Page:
2. i don't often go for pre-packaged "natural remedies". i research the symptoms or illnesses i wish to treat and then i usually pick my own plants or select whole herbs from herbalists. if one of the "purveyors" of an ingredient i wish to obtain happens to be owned by a big pharma company, all well, at least i know what's going in my body, why, and what to expect from it.
You told him! But your are right. The scientific method results are not considered facts. That the method is self correcting, builds upon it's self and reinvents it's self when new information becomes available. Try giving some kid just a little bit of peanut...or someone like me just a bit of bee venom.It's middle ages and ignorant. Like the idea that eating tiger penis will make you a tiger under the sheets or eating monkey brains will make you smart. It's hoc-us- pocus quackery and it can kill.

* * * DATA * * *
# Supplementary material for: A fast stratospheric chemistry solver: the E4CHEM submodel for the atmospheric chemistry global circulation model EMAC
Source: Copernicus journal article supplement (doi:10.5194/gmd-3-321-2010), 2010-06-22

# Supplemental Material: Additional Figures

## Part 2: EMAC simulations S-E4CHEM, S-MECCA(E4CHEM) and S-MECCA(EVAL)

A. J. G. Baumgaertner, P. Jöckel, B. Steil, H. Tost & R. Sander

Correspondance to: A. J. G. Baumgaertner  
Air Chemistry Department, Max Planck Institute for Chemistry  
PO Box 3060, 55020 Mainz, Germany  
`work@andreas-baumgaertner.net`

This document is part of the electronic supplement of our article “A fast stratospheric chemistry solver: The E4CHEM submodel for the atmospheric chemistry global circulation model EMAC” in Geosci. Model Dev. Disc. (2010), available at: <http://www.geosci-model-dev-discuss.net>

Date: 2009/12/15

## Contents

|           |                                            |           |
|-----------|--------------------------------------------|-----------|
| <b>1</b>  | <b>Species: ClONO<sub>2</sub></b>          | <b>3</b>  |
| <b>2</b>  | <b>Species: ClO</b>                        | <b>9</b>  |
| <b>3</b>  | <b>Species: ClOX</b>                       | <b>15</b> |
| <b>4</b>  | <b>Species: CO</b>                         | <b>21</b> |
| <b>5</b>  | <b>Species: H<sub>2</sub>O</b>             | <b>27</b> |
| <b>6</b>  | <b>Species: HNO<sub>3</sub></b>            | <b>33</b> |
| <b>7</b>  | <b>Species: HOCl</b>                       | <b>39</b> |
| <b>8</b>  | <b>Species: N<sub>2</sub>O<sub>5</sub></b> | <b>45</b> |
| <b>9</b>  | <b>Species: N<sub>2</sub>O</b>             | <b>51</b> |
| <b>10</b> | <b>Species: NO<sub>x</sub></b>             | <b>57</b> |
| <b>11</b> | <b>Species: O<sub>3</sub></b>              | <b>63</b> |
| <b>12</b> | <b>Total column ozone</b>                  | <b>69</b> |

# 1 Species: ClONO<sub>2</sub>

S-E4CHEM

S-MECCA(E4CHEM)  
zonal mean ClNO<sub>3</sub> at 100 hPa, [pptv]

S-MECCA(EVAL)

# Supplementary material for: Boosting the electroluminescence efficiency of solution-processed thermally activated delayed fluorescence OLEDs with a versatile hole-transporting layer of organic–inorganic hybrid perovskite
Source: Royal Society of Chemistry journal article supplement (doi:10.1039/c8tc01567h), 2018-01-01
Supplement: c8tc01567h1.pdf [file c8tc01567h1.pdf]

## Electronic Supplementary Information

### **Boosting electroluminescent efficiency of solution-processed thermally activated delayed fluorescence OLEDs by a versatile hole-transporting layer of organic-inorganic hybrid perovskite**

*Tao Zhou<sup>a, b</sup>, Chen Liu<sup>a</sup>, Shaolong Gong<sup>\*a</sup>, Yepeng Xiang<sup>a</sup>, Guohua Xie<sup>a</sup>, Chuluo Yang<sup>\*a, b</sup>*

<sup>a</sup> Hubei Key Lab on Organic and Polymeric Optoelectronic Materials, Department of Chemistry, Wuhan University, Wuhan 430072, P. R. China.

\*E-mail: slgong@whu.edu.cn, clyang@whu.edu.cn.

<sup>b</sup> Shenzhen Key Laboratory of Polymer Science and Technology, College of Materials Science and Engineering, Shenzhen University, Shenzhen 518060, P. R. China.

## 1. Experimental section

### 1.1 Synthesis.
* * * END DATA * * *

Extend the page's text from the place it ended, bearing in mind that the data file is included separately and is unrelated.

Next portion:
Thanks! I caught that at the start of the instructable and had a hard time not racing to the bottom to comment on it. LONG LIVE RANDI!!!
well 4 1thing we wouldnt question r maker so often. *rubs head* ow this smart talk is making my head hurt...........
I'm with ya, Skidoo. People who believe in homeopathic remedies cannot be convinced otherwise by logic and science. It's sad and stupid and a waste of time and energy and a gigantic loss of money but it is what it is and I have seen several otherwise intelligent people wander down that road never to return.